To Roast a Pheasant

Pheasant trussed without the head.
¾ hour; a few minutes less, if liked very much underdone; five or ten more for thorough roasting, with a good fire in both cases.

[In season from the beginning of October to the end of January. The licensed term of pheasant shooting commences on the 1st of October, and terminates on the 2nd of February, but as the birds will remain perfectly good in cold weather for two or three weeks, if from that time hung in a well-ventilated larder, they continue, correctly speaking, in season so long as they can be preserved fit for table after the regular market for them is closed: the same rule applies equally to other varieties of game.]

Method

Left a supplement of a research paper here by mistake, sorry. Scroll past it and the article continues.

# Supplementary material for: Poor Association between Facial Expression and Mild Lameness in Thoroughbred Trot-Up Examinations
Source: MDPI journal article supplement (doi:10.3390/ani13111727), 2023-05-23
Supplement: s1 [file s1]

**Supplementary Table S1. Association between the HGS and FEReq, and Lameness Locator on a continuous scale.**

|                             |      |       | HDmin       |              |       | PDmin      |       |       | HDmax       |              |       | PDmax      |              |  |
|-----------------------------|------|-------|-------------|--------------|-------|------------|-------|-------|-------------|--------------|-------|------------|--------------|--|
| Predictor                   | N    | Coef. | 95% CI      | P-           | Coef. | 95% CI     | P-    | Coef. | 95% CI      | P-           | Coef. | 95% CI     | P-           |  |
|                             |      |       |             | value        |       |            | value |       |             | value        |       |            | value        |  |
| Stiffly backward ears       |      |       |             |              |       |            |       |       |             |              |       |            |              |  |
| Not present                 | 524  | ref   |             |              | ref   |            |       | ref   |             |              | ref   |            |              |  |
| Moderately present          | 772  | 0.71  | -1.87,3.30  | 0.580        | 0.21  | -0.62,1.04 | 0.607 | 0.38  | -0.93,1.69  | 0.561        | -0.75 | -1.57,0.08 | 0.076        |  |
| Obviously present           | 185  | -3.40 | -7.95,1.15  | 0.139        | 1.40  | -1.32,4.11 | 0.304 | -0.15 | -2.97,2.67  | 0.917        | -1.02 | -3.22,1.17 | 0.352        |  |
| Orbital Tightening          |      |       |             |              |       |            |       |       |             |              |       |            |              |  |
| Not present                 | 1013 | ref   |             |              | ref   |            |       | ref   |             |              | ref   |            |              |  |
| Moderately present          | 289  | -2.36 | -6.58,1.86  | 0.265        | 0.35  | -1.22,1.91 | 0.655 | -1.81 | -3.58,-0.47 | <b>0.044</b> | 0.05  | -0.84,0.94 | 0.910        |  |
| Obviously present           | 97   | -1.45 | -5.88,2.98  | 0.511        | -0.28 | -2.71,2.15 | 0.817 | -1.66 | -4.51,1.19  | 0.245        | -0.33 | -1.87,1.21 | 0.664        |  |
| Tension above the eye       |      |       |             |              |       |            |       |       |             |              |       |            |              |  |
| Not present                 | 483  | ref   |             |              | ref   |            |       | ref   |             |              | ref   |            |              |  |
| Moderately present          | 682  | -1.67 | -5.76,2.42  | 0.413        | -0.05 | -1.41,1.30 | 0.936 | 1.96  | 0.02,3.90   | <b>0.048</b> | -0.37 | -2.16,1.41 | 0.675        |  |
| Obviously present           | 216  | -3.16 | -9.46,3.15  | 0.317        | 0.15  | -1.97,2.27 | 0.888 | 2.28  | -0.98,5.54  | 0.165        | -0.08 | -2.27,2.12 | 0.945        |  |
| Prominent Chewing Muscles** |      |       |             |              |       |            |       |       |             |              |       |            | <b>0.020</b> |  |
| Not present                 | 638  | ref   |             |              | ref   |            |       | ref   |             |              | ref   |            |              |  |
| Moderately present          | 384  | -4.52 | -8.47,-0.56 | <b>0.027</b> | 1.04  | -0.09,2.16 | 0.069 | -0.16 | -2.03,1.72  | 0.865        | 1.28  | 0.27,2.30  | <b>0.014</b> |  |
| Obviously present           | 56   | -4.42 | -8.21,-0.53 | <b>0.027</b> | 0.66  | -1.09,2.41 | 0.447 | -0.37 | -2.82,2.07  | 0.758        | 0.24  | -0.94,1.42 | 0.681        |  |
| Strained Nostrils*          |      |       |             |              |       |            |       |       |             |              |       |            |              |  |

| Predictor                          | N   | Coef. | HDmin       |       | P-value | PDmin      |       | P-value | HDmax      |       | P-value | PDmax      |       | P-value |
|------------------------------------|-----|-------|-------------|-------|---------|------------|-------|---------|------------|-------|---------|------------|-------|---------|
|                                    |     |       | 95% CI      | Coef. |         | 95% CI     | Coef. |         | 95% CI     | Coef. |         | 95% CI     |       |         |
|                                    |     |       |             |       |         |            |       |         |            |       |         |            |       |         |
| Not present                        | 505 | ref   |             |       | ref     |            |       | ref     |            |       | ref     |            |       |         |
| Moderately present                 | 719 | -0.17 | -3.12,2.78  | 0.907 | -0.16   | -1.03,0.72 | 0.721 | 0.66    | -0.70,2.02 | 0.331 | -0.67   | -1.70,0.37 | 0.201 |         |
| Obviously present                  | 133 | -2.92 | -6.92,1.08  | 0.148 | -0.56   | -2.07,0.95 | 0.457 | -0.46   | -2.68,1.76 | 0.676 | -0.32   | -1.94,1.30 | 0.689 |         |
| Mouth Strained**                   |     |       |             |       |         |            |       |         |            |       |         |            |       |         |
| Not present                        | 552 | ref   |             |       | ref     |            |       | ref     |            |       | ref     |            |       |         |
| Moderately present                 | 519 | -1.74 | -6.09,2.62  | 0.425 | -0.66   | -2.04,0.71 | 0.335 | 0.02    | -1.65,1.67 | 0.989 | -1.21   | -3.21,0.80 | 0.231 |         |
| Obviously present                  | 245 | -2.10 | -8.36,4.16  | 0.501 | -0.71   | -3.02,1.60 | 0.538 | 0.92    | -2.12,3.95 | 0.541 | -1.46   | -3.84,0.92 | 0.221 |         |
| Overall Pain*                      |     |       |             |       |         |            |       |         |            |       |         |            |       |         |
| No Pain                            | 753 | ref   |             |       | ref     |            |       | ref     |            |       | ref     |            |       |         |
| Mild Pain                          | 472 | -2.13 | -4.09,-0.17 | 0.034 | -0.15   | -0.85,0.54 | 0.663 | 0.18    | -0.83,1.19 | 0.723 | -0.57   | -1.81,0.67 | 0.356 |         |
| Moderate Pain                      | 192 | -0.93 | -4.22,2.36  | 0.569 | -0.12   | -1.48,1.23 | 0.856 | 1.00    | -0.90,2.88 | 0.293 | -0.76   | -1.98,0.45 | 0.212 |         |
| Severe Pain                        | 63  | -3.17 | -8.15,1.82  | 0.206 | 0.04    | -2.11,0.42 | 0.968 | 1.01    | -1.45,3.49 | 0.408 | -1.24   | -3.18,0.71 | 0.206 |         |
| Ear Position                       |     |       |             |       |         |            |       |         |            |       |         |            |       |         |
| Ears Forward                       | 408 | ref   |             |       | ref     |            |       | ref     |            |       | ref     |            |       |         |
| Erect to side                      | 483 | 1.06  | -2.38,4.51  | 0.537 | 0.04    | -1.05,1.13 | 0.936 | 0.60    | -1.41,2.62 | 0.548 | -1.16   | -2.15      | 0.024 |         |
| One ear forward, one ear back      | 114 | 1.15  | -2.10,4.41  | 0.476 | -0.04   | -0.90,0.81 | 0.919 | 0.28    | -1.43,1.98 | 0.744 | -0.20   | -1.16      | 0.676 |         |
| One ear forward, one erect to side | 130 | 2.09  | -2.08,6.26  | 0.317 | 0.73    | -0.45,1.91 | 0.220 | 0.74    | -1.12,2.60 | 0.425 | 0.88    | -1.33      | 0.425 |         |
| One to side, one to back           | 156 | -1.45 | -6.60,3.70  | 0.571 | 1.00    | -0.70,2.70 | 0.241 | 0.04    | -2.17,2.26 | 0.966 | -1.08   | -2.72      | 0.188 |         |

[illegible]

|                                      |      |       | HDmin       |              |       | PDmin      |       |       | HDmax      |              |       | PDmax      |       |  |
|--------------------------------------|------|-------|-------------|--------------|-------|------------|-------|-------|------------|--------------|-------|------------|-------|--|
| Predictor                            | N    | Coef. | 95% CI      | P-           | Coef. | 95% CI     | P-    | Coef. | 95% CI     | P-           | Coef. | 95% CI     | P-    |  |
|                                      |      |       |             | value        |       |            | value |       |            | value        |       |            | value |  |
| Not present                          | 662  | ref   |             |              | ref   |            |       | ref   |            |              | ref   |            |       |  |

Unless kept to the proper point, a pheasant is one of the most tough, dry, and flavourless birds that is sent to table; but when it has hung as many days as it can without becoming really tainted, and is well roasted and served, it is most excellent eating. Pluck off the feathers carefully, cut a slit in the back of the neck to remove the crop, then draw the bird in the usual way, and either wipe the inside very clean with a damp cloth, or pour water through it; wipe the outside also, but with a dry cloth; cut off the toes, turn the head of the bird under the wing, with the bill laid straight along the breast, skewer the legs, which must not be crossed, flour the pheasant well, lay it to a brisk fire, and baste it constantly and plentifully with well flavoured butter. Send bread-sauce and good brown gravy to table with it. The entire breast of the bird may be larded by the directions of Chapter X When a brace is served, one is sometimes larded, and the other not; but a much handsomer appearance is given to the dish by larding both. About three quarters of an hour will roast them.

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